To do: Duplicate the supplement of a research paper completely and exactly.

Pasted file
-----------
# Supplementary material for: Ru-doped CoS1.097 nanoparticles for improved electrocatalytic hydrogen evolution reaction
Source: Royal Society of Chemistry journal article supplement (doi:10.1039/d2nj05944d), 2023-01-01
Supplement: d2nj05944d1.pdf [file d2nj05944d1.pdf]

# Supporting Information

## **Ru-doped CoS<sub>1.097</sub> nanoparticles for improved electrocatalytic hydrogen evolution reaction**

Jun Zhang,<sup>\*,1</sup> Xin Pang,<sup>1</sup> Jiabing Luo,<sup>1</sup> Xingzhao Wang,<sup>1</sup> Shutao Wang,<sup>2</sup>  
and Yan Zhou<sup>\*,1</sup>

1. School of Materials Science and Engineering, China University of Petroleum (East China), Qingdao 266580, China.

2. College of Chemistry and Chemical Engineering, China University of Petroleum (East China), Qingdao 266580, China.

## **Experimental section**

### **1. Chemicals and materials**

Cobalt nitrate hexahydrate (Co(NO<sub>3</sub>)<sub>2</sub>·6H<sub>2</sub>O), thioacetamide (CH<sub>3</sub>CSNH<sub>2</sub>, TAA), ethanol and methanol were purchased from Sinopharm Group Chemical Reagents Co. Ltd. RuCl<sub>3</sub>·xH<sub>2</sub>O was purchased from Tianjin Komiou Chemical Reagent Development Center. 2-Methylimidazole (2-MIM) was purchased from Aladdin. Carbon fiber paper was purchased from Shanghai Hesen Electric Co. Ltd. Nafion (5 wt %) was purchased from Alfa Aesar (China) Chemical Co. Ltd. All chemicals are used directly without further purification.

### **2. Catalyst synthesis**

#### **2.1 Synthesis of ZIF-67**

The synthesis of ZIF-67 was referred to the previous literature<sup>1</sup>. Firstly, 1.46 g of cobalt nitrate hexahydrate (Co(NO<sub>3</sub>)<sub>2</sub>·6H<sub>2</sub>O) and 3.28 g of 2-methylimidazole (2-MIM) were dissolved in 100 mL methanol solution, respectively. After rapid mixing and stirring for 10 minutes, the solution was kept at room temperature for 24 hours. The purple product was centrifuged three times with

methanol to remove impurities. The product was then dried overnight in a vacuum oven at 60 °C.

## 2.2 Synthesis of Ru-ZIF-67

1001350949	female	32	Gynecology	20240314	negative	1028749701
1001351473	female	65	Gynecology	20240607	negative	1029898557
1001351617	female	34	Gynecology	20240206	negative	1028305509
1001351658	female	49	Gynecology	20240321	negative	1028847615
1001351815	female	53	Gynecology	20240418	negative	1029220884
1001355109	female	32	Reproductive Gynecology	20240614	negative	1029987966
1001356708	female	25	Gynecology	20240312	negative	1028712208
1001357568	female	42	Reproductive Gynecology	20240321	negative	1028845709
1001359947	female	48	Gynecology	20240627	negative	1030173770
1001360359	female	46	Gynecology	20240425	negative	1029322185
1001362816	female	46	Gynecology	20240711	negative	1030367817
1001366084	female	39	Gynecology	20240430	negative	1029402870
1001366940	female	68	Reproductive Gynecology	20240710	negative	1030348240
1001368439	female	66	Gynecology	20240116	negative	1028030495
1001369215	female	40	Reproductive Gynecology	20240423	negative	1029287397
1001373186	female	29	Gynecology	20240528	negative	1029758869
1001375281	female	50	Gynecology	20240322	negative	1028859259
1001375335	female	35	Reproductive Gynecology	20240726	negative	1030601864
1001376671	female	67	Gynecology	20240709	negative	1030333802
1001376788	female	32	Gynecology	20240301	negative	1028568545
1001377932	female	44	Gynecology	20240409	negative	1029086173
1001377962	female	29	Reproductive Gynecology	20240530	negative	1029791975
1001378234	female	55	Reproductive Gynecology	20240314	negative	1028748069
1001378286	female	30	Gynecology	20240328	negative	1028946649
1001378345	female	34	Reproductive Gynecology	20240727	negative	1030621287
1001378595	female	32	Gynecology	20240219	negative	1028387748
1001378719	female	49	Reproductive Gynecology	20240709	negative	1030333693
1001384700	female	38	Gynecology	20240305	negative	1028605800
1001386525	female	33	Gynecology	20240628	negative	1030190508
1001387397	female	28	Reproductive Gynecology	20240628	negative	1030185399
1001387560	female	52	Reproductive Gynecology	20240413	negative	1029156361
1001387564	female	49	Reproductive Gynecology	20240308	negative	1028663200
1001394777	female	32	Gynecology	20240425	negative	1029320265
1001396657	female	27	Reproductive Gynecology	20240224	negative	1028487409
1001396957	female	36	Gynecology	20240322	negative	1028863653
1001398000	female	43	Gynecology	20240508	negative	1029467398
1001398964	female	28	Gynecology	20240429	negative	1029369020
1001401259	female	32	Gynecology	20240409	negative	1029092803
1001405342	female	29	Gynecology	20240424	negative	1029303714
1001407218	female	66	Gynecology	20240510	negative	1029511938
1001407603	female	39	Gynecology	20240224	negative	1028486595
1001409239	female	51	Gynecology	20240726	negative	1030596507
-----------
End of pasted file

# Supplementary material for: Ru-doped CoS1.097 nanoparticles for improved electrocatalytic hydrogen evolution reaction
Source: Royal Society of Chemistry journal article supplement (doi:10.1039/d2nj05944d), 2023-01-01
Supplement: d2nj05944d1.pdf [file d2nj05944d1.pdf]

# Supporting Information

## **Ru-doped CoS<sub>1.097</sub> nanoparticles for improved electrocatalytic hydrogen evolution reaction**

Jun Zhang,<sup>\*,1</sup> Xin Pang,<sup>1</sup> Jiabing Luo,<sup>1</sup> Xingzhao Wang,<sup>1</sup> Shutao Wang,<sup>2</sup>  
and Yan Zhou<sup>\*,1</sup>

1. School of Materials Science and Engineering, China University of Petroleum (East China), Qingdao 266580, China.

2. College of Chemistry and Chemical Engineering, China University of Petroleum (East China), Qingdao 266580, China.

## **Experimental section**

### **1. Chemicals and materials**

Cobalt nitrate hexahydrate (Co(NO<sub>3</sub>)<sub>2</sub>·6H<sub>2</sub>O), thioacetamide (CH<sub>3</sub>CSNH<sub>2</sub>, TAA), ethanol and methanol were purchased from Sinopharm Group Chemical Reagents Co. Ltd. RuCl<sub>3</sub>·xH<sub>2</sub>O was purchased from Tianjin Komiou Chemical Reagent Development Center. 2-Methylimidazole (2-MIM) was purchased from Aladdin. Carbon fiber paper was purchased from Shanghai Hesen Electric Co. Ltd. Nafion (5 wt %) was purchased from Alfa Aesar (China) Chemical Co. Ltd. All chemicals are used directly without further purification.

### **2. Catalyst synthesis**

#### **2.1 Synthesis of ZIF-67**

The synthesis of ZIF-67 was referred to the previous literature<sup>1</sup>. Firstly, 1.46 g of cobalt nitrate hexahydrate (Co(NO<sub>3</sub>)<sub>2</sub>·6H<sub>2</sub>O) and 3.28 g of 2-methylimidazole (2-MIM) were dissolved in 100 mL methanol solution, respectively. After rapid mixing and stirring for 10 minutes, the solution was kept at room temperature for 24 hours. The purple product was centrifuged three times with

methanol to remove impurities. The product was then dried overnight in a vacuum oven at 60 °C.

## 2.2 Synthesis of Ru-ZIF-67

1001350949	female	32	Gynecology	20240314	negative	1028749701
1001351473	female	65	Gynecology	20240607	negative	1029898557
1001351617	female	34	Gynecology	20240206	negative	1028305509
1001351658	female	49	Gynecology	20240321	negative	1028847615
1001351815	female	53	Gynecology	20240418	negative	1029220884
1001355109	female	32	Reproductive Gynecology	20240614	negative	1029987966
1001356708	female	25	Gynecology	20240312	negative	1028712208
1001357568	female	42	Reproductive Gynecology	20240321	negative	1028845709
1001359947	female	48	Gynecology	20240627	negative	1030173770
1001360359	female	46	Gynecology	20240425	negative	1029322185
1001362816	female	46	Gynecology	20240711	negative	1030367817
1001366084	female	39	Gynecology	20240430	negative	1029402870
1001366940	female	68	Reproductive Gynecology	20240710	negative	1030348240
1001368439	female	66	Gynecology	20240116	negative	1028030495
1001369215	female	40	Reproductive Gynecology	20240423	negative	1029287397
1001373186	female	29	Gynecology	20240528	negative	1029758869
1001375281	female	50	Gynecology	20240322	negative	1028859259
1001375335	female	35	Reproductive Gynecology	20240726	negative	1030601864
1001376671	female	67	Gynecology	20240709	negative	1030333802
1001376788	female	32	Gynecology	20240301	negative	1028568545
1001377932	female	44	Gynecology	20240409	negative	1029086173
1001377962	female	29	Reproductive Gynecology	20240530	negative	1029791975
1001378234	female	55	Reproductive Gynecology	20240314	negative	1028748069
1001378286	female	30	Gynecology	20240328	negative	1028946649
1001378345	female	34	Reproductive Gynecology	20240727	negative	1030621287
1001378595	female	32	Gynecology	20240219	negative	1028387748
1001378719	female	49	Reproductive Gynecology	20240709	negative	1030333693
1001384700	female	38	Gynecology	20240305	negative	1028605800
1001386525	female	33	Gynecology	20240628	negative	1030190508
1001387397	female	28	Reproductive Gynecology	20240628	negative	1030185399
1001387560	female	52	Reproductive Gynecology	20240413	negative	1029156361
1001387564	female	49	Reproductive Gynecology	20240308	negative	1028663200
1001394777	female	32	Gynecology	20240425	negative	1029320265
1001396657	female	27	Reproductive Gynecology	20240224	negative	1028487409
1001396957	female	36	Gynecology	20240322	negative	1028863653
1001398000	female	43	Gynecology	20240508	negative	1029467398
1001398964	female	28	Gynecology	20240429	negative	1029369020
1001401259	female	32	Gynecology	20240409	negative	1029092803
1001405342	female	29	Gynecology	20240424	negative	1029303714
1001407218	female	66	Gynecology	20240510	negative	1029511938
1001407603	female	39	Gynecology	20240224	negative	1028486595
1001409239	female	51	Gynecology	20240726	negative	1030596507